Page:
Founded as a “Renaissance choir,” Blue Heron might be more accurately described as a 21st-century vocal ensemble that mostly sings music composed between 1400 and 1600. These dates, conveniently round and memorable, encompass what is usually taught as the Renaissance in music history classes, a huge period extending from the birthdates of John Dunstable and Guillaume Du Fay to the beginnings of opera and the widespread adoption of basso continuo. Whether the enormous quantity of music composed within these two centuries actually belongs to a coherent and distinguishable “musical Renaissance” is a matter of considerable debate, to say the least. Whatever one’s answer to that question, however, it is beyond argument that these were golden years for polyphonic vocal music. There is such a wealth of wonderful music from this period that one can easily wander off from the few well-trodden main paths and still find more than enough fantastic music to last an ensemble’s lifetime, and it gives us great pleasure to find music that is seldom sung and less often heard live but that has the power to make a person sit up and listen. Some of this music is lesser-known work by well-known composers, and some of it is music by composers even specialists don’t know. And sometimes we like to sing famous pieces, too!
Within the general confines of 1400 to 1600, Blue Heron’s repertoire interests fall into several broad areas, and we devote our energies as much to the study and performance of secular song as to sacred polyphony. On the early end we have explored English music from the Old Hall manuscript of circa 1415, following this thread through the works of Dunstaple (the first of which date from the 1420s) and into the generation or so afterwards, including Walter Frye, Robert Morton, and a host of sundry composers, some anonymous, many named John. Another thread connects Dunstaple to Du Fay and Binchois via the celebrated “contenance angloise” and thence to the so-called “central tradition” of fifteenth-century Franco-Flemish polyphony, ranging from Du Fay through Johannes Ockeghem to Josquin Desprez, onwards to Nicolas Gombert and beyond. In September 2011 Blue Heron collaborated with the Harvard University Art Museums to present a program entitled “Music for Three Sovereigns,” featuring music by Josquin, Isaac, and Senfl, in conjunction with Prints and the Pursuit of Knowledge in Early Modern Europe, an exhibition that examined how Northern Renaissance artists contributed to the scientiﬁc discoveries of the 16th century. In 2014-15 we inaugurate a long-term project exploring the complete works of Ockeghem (c. 1420-1497): four motets, more than a dozen masses, and about two dozen songs. For more about Ockeghem, visit A Chronology of Ockeghem.
Advancing further into the sixteenth century, we have explored Spanish music between about 1500 and 1600, including music sung in New Spain, and presented what we believe to be North American premieres of several works by Cristóbal de Morales and Francisco Guerrero that were rediscovered and edited by the Australian musicologist and conductor Michael Noone (Boston College, Ensemble Plus Ultra). In April 2008, in conjunction with the exhibition El Greco to Velázquez: Art during the Reign of Philip III, at Boston’s Museum of Fine Arts, we presented a spectacular program featuring singers, the cornetts, shawms, and trombones of the Boston Shawm & Sackbut Ensemble, strings, organ, and Spanish harp. We have sung Victoria’s famous Requiem, a mass by Alonso Lobo based on a motet by Guerrero, and numerous songs by Spanish composers, many anonymous. Our program “Song of Songs / Songs of love” presents sacred works setting verses from the Biblical Song alongside secular songs of love and loss; the most recent version of the program, performed at the Berkeley Early Music Festival and in New York City as well as on our series in Cambridge, also featured an actress declaiming portions of the Song, in a modern translation more faithful to the Hebrew original, and poems by Lope de Vega and others.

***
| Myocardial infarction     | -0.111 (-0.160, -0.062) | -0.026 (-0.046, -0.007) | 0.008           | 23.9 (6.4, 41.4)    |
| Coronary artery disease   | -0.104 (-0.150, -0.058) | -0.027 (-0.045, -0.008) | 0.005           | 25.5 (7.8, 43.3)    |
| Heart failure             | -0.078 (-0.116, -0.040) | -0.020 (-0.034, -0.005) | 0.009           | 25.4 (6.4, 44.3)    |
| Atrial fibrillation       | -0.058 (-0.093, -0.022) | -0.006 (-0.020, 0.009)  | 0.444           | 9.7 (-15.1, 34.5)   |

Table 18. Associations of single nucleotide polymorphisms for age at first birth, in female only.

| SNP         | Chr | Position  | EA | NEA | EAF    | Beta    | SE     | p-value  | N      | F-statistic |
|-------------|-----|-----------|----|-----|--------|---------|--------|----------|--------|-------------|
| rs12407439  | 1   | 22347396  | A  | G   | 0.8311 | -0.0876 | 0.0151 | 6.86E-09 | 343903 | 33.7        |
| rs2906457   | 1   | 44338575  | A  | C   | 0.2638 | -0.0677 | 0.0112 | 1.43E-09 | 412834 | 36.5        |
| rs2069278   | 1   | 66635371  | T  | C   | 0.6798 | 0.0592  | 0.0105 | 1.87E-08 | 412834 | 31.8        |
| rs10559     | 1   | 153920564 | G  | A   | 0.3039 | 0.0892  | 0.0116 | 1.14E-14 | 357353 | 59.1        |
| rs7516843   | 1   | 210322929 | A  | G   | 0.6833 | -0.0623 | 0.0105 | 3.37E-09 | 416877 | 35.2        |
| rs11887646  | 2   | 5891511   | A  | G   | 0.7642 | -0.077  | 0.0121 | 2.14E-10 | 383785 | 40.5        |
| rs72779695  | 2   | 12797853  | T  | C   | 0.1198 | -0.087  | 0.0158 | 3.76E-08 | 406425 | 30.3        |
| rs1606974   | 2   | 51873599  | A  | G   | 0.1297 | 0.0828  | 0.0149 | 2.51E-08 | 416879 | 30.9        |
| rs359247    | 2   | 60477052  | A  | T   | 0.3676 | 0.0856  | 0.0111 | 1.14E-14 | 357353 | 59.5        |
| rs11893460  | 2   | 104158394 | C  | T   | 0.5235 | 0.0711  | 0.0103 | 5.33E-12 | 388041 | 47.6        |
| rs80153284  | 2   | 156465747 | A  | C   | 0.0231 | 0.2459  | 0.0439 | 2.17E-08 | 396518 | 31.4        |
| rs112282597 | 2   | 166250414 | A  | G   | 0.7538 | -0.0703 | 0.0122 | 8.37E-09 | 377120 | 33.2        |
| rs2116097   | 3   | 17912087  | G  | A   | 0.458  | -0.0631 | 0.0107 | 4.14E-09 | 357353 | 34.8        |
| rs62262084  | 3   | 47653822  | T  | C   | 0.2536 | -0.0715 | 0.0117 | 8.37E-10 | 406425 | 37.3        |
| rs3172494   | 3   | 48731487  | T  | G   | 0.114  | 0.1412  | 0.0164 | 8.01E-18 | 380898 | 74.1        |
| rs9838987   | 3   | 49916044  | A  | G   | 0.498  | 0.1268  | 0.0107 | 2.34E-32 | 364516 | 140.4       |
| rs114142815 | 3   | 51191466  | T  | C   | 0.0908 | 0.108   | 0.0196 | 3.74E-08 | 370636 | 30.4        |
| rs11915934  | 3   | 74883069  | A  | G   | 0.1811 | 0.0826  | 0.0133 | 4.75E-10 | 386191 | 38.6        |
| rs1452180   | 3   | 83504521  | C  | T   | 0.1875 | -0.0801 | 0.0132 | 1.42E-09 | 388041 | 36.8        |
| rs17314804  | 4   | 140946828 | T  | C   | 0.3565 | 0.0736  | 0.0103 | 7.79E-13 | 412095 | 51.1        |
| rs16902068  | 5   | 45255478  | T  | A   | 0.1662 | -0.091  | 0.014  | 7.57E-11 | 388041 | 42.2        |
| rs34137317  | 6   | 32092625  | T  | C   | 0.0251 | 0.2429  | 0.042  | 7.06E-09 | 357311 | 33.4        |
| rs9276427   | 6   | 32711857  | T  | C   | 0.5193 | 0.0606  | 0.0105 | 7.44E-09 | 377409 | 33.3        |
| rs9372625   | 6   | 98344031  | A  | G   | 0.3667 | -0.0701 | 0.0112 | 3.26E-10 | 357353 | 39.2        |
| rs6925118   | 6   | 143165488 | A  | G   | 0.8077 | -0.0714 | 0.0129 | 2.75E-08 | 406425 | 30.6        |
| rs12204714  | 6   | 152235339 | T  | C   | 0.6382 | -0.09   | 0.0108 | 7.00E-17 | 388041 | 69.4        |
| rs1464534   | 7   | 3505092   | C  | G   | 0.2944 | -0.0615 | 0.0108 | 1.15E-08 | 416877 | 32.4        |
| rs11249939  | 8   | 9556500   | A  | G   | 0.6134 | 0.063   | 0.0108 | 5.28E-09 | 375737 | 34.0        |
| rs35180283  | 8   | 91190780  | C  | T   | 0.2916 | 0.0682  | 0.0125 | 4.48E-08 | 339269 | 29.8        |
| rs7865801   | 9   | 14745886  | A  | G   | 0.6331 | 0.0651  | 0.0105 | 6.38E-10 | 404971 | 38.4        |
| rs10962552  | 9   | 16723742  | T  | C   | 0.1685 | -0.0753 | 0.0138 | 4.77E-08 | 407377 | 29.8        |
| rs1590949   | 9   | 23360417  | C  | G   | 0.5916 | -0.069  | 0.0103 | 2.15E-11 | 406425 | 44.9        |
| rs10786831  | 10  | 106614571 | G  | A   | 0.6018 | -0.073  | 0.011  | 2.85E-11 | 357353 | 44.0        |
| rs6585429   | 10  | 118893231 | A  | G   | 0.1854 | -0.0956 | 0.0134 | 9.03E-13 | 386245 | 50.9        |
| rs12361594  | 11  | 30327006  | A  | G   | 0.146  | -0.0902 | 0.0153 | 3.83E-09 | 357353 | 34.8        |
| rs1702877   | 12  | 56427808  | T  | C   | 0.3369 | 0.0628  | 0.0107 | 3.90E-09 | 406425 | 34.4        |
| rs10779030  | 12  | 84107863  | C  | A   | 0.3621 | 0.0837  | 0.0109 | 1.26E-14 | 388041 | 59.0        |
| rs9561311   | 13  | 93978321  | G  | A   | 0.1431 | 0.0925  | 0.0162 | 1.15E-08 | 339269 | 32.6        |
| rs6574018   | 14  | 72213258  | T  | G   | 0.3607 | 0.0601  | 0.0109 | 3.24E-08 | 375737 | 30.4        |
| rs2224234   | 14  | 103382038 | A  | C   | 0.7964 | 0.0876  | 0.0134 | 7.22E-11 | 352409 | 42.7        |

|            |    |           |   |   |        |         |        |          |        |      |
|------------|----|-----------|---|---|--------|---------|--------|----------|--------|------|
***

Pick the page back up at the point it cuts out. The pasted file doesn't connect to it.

Blue Heron’s debut concerts in October 1999 featured music from the Peterhouse partbooks (c. 1540), a very important and largely neglected source of early sixteenth-century English sacred music. Over the years since we have performed many works from this rich and unexplored repertory, which has been made accessible once again through the marvelous efforts of the English musicologist Nick Sandon, and we are nearing the completion of a 5-CD set, including music by Hugh Aston, Robert Jones, Nicholas Ludford, John Mason, Richard Pygott, Robert Hunt, and anonymous.
The ensemble has performed very early music (organa by the 12th-century French composer Perotinus), very recent music (new works by Elliott Gyger), and more, including the complete Eighth Book of Madrigals by Luca Marenzio at an international Marenzio conference at Harvard University in April 2006, and, in 2013-14, a program of madrigals setting texts from Petrarch’s Canzoniere. Like our Song of Songs program, the Petrarch program incorporated an actor reading poetic texts. In 2014 Blue Heron recorded a CD of music to accompany the book Capturing Music: The Story of Notation by Thomas Forrest Kelly. The selections include plainchant, organa by Leonin and Perotin, 13th-century motets, 14th-century songs by Machaut, Senleches, and Cordier, and more.
As for what a “choir” might be, see Performance practice.